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Design Of Support Structures For Offshore Wind Turbines

J. Tempel
Published 2006 · Engineering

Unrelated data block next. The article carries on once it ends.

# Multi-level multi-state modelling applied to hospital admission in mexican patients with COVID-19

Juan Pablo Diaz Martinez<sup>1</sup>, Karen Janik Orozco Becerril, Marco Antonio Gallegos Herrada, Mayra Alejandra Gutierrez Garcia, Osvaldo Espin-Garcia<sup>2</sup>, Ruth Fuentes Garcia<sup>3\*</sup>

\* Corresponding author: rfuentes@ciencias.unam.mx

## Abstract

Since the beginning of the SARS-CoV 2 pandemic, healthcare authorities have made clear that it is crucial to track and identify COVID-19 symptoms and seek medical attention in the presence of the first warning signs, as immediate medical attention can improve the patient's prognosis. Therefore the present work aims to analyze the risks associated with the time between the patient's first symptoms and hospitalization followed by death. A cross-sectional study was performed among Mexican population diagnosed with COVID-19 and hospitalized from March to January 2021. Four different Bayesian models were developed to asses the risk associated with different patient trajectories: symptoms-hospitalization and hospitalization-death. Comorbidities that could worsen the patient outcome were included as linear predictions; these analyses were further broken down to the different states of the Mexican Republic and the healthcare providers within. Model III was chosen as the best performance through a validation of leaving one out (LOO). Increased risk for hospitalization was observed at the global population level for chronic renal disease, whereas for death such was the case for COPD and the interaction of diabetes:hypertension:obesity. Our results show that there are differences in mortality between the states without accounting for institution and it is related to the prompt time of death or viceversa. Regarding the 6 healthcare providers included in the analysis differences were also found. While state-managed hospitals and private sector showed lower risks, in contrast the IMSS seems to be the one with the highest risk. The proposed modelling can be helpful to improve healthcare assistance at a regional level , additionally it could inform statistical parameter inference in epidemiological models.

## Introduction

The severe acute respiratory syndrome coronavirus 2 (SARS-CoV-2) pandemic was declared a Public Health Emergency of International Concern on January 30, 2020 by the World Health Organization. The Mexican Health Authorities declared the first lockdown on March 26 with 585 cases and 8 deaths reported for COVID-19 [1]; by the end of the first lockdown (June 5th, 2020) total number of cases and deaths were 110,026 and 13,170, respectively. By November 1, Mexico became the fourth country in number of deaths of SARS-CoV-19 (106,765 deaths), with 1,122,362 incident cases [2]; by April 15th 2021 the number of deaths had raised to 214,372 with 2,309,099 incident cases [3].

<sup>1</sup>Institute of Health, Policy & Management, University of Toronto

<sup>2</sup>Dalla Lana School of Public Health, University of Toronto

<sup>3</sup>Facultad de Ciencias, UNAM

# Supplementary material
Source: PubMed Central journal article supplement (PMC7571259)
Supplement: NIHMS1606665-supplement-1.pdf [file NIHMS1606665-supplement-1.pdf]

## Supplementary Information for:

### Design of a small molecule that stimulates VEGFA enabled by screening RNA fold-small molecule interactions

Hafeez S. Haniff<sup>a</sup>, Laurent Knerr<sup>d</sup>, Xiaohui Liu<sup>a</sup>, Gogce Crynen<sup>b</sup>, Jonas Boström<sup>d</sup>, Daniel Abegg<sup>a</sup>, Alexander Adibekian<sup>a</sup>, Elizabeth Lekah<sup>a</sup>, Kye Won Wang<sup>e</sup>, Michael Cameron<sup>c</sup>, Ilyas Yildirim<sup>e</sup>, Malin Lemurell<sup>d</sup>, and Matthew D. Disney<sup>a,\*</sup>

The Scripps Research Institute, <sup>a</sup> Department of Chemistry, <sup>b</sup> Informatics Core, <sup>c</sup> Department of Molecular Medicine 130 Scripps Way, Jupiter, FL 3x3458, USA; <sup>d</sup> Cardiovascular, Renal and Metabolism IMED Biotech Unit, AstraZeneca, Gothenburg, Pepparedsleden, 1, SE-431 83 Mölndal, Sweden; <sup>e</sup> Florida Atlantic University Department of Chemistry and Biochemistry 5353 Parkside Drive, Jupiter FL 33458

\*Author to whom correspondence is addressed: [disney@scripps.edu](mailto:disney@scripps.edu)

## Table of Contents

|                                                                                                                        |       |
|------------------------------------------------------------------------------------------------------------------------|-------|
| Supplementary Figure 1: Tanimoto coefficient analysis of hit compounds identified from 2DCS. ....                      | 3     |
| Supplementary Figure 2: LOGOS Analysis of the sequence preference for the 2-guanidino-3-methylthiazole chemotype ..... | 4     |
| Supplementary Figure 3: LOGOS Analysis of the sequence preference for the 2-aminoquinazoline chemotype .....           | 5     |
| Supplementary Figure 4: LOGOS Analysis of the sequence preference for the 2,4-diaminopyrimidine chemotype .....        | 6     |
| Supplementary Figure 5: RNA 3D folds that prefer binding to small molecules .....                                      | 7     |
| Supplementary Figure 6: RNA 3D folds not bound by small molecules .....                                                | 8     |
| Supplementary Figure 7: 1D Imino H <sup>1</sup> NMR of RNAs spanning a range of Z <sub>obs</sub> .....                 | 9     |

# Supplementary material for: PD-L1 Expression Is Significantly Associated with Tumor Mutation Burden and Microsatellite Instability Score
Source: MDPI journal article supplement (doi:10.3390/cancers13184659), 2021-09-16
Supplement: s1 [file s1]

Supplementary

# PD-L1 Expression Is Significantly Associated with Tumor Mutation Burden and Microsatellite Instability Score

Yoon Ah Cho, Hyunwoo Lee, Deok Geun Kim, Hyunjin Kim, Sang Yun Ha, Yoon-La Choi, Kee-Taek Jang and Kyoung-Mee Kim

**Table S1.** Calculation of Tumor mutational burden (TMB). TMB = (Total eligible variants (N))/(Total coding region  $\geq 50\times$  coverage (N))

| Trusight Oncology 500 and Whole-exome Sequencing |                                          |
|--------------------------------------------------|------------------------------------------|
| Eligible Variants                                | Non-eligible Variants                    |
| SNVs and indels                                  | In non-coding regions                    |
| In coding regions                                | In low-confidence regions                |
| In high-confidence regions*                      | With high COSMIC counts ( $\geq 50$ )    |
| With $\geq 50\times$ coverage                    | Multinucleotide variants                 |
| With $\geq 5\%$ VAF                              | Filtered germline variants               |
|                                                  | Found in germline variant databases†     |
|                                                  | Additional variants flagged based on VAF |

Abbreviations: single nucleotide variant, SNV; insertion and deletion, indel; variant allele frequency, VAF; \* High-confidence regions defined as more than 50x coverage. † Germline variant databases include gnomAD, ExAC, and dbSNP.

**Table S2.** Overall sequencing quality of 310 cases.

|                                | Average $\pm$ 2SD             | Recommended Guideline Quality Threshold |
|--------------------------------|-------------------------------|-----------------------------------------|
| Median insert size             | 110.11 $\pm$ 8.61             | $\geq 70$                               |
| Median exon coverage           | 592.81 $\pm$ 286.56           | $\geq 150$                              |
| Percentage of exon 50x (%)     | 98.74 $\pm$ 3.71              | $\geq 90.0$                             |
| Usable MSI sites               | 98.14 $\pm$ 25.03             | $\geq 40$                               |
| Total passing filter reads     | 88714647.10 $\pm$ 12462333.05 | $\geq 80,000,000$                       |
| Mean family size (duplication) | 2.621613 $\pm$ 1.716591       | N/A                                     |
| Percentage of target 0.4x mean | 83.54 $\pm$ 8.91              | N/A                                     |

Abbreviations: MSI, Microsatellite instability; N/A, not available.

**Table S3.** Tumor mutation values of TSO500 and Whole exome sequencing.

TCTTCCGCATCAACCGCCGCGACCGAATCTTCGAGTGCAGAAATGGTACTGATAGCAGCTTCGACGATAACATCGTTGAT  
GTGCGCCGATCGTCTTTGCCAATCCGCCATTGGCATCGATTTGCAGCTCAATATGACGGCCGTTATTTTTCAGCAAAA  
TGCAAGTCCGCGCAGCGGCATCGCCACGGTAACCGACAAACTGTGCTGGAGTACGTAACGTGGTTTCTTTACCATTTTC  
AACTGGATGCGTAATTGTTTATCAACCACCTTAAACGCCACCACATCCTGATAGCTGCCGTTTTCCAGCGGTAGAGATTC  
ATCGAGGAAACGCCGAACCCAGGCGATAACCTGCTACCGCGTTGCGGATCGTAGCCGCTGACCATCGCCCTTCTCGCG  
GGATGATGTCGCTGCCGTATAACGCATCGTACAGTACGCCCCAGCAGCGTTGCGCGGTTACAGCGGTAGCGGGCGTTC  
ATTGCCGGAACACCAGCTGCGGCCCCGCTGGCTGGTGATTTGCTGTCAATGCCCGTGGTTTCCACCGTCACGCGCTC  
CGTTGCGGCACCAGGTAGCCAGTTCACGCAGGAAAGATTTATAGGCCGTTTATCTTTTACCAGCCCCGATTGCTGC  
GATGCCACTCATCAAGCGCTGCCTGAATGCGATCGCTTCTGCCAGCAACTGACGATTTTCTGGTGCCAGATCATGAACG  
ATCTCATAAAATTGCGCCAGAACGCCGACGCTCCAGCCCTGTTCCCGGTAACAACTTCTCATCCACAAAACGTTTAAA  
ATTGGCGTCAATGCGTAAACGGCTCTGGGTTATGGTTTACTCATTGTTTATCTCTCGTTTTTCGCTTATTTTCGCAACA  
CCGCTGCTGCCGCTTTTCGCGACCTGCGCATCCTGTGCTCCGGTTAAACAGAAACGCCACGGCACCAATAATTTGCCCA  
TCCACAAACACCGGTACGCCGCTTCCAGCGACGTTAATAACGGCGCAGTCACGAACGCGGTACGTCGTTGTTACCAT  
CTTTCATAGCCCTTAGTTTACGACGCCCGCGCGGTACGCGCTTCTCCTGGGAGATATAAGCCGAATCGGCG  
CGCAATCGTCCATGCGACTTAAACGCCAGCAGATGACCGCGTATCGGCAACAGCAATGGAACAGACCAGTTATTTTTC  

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To meet growing energy demands, the Kyoto protocol and the much desired diversification of supply, wind energy has become a mainstream source of energy in the EU. Cost wise it is already competing with gas fired electricity. In the last decade wind moved offshore to accommodate even more wind power. The offshore wind resource is more abundant and of a better quality, resulting in higher electricity output. On the other hand, the cost of installing turbines offshore is higher than onshore. To improve the cost-effectiveness of offshore wind, the risks involved must be known and mitigated and the critical design parameters must be optimised. From an engineering point of view, these requirements can be met through the following steps: - understand the basics of offshore wind turbines - apply lessons learned from previous projects - improve design tools. This thesis focuses on the design of the support structure. First, the basics of offshore engineering and of wind energy technology are summarized, specifically focused on the support structure design. Then, an overview is given of four actual offshore wind farm designs and their details. The design methods were compared mutually and with a design of a typical offshore oil platform. For most of the design steps, the methodology is consistent. Only the fatigue damage assessment is done differently for each individual project. Fatigue assessment in offshore engineering is done in the frequency domain. This method can be applied because the wave loads can be effectively linearized. The advantages of the frequency domain method are the clarity of presentation of intermediate results and the final outcome as well as the speed of calculation. The offshore wind industry standard (both onshore and offshore) is to use time domain simulations, which enables taking all non-linearities of the turbine operation into account. A disadvantage of this for the design of support structures is that offshore contractors lack both the aerodynamic knowledge and knowledge of the turbine details to use the full time domain simulation method to calculate the total fatigue damage. In this thesis a frequency domain method is developed to solve this problem. An interface between turbine manufacturer and offshore contractor is created that avoids the need to transfer commercially sensitive turbine details. The offshore contractor can further optimise the support structures with the software packages he normally uses. The frequency domain method is tested for the Blyth offshore wind turbines, for which a validated computer model and on-site measurements were available. Further, the method is applied to a design for the Dutch offshore wind farm to be erected at Egmond in 2006. In both cases, the frequency domain method works very well and gives results that compare well with time domain results. The computer time required to perform a fatigue calculation has been reduced from several hours in the time domain to less than 2 minutes in the frequency domain. This high speed of calculation opens possibilities for parameter variations to check the sensitivity of design choices and for optimisation of every structure within the wind farm. This has the potential to significantly reduce cost and risk. A key issue in the accuracy of the method is the effect of the aerodynamic damping of the operating turbine on support structure dynamics. Several calculation methods for this damping have been tested and have shown to give reasonable results. More work is needed to more accurately pinpoint the magnitude of this aerodynamic damping. The frequency domain method is currently being implemented in the software of an offshore contractor while other companies have already shown interest.



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